Herbicide Decisions

Weeds are problematic for many reasons. In home lawns, they choke out the grasses and overtake the landscape. In agriculture, they compete with crops for nutrients and cause a loss in yields.

Everyone from golf course superintendents to your average Joe deals with weeds on a daily basis. Even though lawn care professionals, farmers and backyard DIYers all vary in their professions, they all have one thing in common:

They use herbicides to deal with the problem.

We want to take a look at herbicides and answer common questions. Because there are so many different products on the market for weed control, we aim to break through the confusion and give a solid understanding of herbicides to our turf, ornamental, pest control and DIY audience.

The Types of Herbicides

Any time you hear the word "weed killer," it refers to an herbicide. It's a type of pesticide that is used solely to get rid of weeds in lawns, crops, gardens and landscaped areas. In general, there are two types to keep in mind:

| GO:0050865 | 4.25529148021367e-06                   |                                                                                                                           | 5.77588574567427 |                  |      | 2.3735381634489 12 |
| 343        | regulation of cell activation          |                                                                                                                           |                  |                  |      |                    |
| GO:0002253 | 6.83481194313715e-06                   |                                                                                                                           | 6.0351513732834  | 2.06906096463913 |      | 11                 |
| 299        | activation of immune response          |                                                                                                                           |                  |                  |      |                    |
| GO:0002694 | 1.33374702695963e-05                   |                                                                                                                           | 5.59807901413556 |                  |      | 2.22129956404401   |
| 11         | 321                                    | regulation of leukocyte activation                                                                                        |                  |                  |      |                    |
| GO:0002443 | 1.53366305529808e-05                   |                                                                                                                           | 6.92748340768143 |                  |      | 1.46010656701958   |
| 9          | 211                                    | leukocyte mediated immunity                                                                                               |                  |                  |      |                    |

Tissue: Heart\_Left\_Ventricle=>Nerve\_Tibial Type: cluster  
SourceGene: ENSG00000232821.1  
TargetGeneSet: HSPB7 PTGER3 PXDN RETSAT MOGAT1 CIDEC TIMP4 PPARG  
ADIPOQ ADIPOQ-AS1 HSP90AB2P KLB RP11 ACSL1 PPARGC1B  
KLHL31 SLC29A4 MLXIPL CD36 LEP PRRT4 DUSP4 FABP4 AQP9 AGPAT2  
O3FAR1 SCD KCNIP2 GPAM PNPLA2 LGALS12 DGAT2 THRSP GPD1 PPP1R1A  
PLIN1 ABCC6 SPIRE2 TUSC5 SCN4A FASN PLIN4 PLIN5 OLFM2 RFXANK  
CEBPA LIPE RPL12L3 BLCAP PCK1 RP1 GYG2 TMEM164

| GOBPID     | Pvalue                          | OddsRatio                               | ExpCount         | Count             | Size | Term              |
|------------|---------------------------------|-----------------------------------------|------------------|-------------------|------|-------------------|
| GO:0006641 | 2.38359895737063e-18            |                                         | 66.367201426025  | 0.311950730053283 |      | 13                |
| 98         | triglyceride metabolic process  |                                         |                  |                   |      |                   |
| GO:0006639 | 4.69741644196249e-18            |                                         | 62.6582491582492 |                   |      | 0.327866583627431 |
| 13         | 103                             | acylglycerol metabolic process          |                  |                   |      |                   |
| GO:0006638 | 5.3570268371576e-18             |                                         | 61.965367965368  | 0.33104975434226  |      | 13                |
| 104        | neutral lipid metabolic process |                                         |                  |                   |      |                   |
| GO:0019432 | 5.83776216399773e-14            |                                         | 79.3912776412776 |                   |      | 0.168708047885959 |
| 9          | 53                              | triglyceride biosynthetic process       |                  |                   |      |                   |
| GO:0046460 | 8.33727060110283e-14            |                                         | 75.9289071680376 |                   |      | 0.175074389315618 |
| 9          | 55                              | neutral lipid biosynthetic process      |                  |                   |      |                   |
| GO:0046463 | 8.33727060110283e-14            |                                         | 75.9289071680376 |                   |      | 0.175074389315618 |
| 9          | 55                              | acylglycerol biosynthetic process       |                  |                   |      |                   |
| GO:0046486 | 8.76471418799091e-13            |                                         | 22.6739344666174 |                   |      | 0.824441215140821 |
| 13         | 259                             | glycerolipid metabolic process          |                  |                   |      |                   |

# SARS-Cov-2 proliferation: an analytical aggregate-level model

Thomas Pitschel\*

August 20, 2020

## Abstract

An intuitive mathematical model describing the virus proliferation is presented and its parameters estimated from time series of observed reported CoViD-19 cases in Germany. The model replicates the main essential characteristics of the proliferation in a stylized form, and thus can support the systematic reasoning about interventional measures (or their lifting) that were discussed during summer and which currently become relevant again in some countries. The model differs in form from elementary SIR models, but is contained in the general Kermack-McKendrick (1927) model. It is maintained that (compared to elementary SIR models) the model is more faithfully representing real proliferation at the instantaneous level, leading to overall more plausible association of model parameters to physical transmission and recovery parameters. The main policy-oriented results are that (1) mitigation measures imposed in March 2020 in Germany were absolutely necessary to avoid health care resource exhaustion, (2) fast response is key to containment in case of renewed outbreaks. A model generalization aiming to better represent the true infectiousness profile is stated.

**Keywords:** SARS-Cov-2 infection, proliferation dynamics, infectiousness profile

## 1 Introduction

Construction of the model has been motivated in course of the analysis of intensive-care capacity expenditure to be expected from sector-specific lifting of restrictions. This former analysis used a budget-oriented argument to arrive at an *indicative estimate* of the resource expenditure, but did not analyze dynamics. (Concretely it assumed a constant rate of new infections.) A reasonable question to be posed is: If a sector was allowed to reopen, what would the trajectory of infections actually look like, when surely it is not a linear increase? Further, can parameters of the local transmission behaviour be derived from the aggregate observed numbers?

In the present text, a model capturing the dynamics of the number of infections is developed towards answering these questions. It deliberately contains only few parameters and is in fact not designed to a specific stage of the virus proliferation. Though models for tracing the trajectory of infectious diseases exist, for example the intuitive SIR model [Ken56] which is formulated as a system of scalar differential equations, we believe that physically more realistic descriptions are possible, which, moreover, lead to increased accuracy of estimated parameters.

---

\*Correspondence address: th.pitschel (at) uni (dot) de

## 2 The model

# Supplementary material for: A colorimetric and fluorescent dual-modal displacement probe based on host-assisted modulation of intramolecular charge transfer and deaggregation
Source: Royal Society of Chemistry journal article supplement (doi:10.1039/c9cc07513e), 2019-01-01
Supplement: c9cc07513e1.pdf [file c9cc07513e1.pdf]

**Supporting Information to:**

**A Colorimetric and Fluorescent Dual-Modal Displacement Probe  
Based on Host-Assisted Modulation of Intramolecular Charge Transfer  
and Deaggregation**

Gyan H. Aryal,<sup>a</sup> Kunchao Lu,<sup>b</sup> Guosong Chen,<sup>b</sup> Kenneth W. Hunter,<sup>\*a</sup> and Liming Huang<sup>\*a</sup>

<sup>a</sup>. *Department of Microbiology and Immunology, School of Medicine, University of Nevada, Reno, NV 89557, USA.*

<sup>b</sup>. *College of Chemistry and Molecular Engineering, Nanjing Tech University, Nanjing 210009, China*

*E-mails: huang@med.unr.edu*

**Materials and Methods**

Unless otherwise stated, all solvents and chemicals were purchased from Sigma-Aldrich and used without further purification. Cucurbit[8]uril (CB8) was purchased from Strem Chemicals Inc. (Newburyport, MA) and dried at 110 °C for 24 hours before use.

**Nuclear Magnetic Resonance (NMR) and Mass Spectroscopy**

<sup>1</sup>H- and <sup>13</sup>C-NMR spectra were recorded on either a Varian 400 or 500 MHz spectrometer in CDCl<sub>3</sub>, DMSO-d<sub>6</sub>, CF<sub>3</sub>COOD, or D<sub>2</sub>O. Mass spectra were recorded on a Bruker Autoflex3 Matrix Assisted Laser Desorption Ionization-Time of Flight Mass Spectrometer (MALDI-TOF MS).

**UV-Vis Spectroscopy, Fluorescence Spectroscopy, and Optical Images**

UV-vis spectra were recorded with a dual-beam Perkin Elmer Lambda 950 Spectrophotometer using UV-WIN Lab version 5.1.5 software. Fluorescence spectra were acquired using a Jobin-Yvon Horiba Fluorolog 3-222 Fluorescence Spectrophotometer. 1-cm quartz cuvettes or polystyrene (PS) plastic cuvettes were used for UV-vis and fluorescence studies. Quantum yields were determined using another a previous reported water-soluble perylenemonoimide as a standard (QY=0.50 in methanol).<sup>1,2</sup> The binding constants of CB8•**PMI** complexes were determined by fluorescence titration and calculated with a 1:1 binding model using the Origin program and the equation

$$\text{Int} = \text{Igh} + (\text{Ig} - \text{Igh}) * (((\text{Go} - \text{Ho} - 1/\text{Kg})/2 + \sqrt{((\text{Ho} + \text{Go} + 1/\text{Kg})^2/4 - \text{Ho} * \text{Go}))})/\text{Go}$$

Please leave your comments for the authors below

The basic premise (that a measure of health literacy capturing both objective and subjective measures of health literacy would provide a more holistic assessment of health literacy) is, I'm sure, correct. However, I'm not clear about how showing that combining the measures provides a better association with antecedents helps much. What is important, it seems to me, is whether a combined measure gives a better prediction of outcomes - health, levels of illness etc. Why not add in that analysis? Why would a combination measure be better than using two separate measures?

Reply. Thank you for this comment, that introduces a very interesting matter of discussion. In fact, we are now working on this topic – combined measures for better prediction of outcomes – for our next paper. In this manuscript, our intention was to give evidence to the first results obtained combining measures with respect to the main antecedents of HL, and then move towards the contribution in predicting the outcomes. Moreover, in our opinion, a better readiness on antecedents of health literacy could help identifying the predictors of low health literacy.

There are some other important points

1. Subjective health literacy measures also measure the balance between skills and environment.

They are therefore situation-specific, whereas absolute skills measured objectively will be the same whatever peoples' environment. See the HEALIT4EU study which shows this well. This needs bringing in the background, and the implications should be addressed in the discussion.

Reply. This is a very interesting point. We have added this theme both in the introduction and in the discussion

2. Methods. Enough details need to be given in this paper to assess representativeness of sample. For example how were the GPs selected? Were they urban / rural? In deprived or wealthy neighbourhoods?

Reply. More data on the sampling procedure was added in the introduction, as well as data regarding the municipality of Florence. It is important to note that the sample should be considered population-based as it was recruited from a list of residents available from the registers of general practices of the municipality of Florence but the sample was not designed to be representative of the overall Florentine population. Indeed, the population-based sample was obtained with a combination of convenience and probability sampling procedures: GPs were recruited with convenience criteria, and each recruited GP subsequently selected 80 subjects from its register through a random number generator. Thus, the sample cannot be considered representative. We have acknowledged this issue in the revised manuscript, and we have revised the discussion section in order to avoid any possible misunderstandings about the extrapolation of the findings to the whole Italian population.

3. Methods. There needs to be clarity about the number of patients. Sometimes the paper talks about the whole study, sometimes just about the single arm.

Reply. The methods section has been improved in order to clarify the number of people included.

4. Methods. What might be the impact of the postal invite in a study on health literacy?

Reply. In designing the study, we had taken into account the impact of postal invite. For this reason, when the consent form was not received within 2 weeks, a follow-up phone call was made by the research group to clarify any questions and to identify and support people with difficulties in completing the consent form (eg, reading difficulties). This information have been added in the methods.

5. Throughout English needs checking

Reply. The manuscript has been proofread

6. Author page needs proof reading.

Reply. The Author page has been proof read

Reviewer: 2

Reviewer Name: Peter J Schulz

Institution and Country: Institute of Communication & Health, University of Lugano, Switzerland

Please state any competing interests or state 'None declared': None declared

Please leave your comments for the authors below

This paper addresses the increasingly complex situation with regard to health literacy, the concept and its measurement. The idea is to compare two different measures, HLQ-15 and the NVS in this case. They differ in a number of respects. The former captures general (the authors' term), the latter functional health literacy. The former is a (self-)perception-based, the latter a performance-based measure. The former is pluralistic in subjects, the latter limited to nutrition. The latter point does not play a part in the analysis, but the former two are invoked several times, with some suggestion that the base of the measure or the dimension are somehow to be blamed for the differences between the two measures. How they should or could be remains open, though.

Pre-Emergent Herbicides

These herbicides tackle weed problems below the ground and stop the plant from emerging from the soil. You might hear them called preventive herbicides as they prevent weeds from growing.

Post-Emergent Herbicides

These herbicides are used on actively growing weeds above the soil, preventing their continual growth and spread across the area. When it comes to post-emergent herbicides, it's important to pay attention to the type you're using. Use the wrong one, and it could spell trouble for the grass and other plants in the area.

Now let's talk about selective and non-selective herbicides. The difference between these two post-emergents is night and day.

Selective Herbicides

These herbicides contain certain ingredients that work on specific weeds at the target site. They only affect the processes that weeds need to develop and grow.

Non-Selective Herbicides

These herbicides contain ingredients that kill most any plant they touch. That means these herbicides will destroy not only the weeds in the area but also the grass and other plants.

If you're targeting weeds but don't want to kill your zoysia, you'd use a selective herbicide. If you want to clear a plot of land and remove all the vegetation, a non-selective herbicide is your best bet.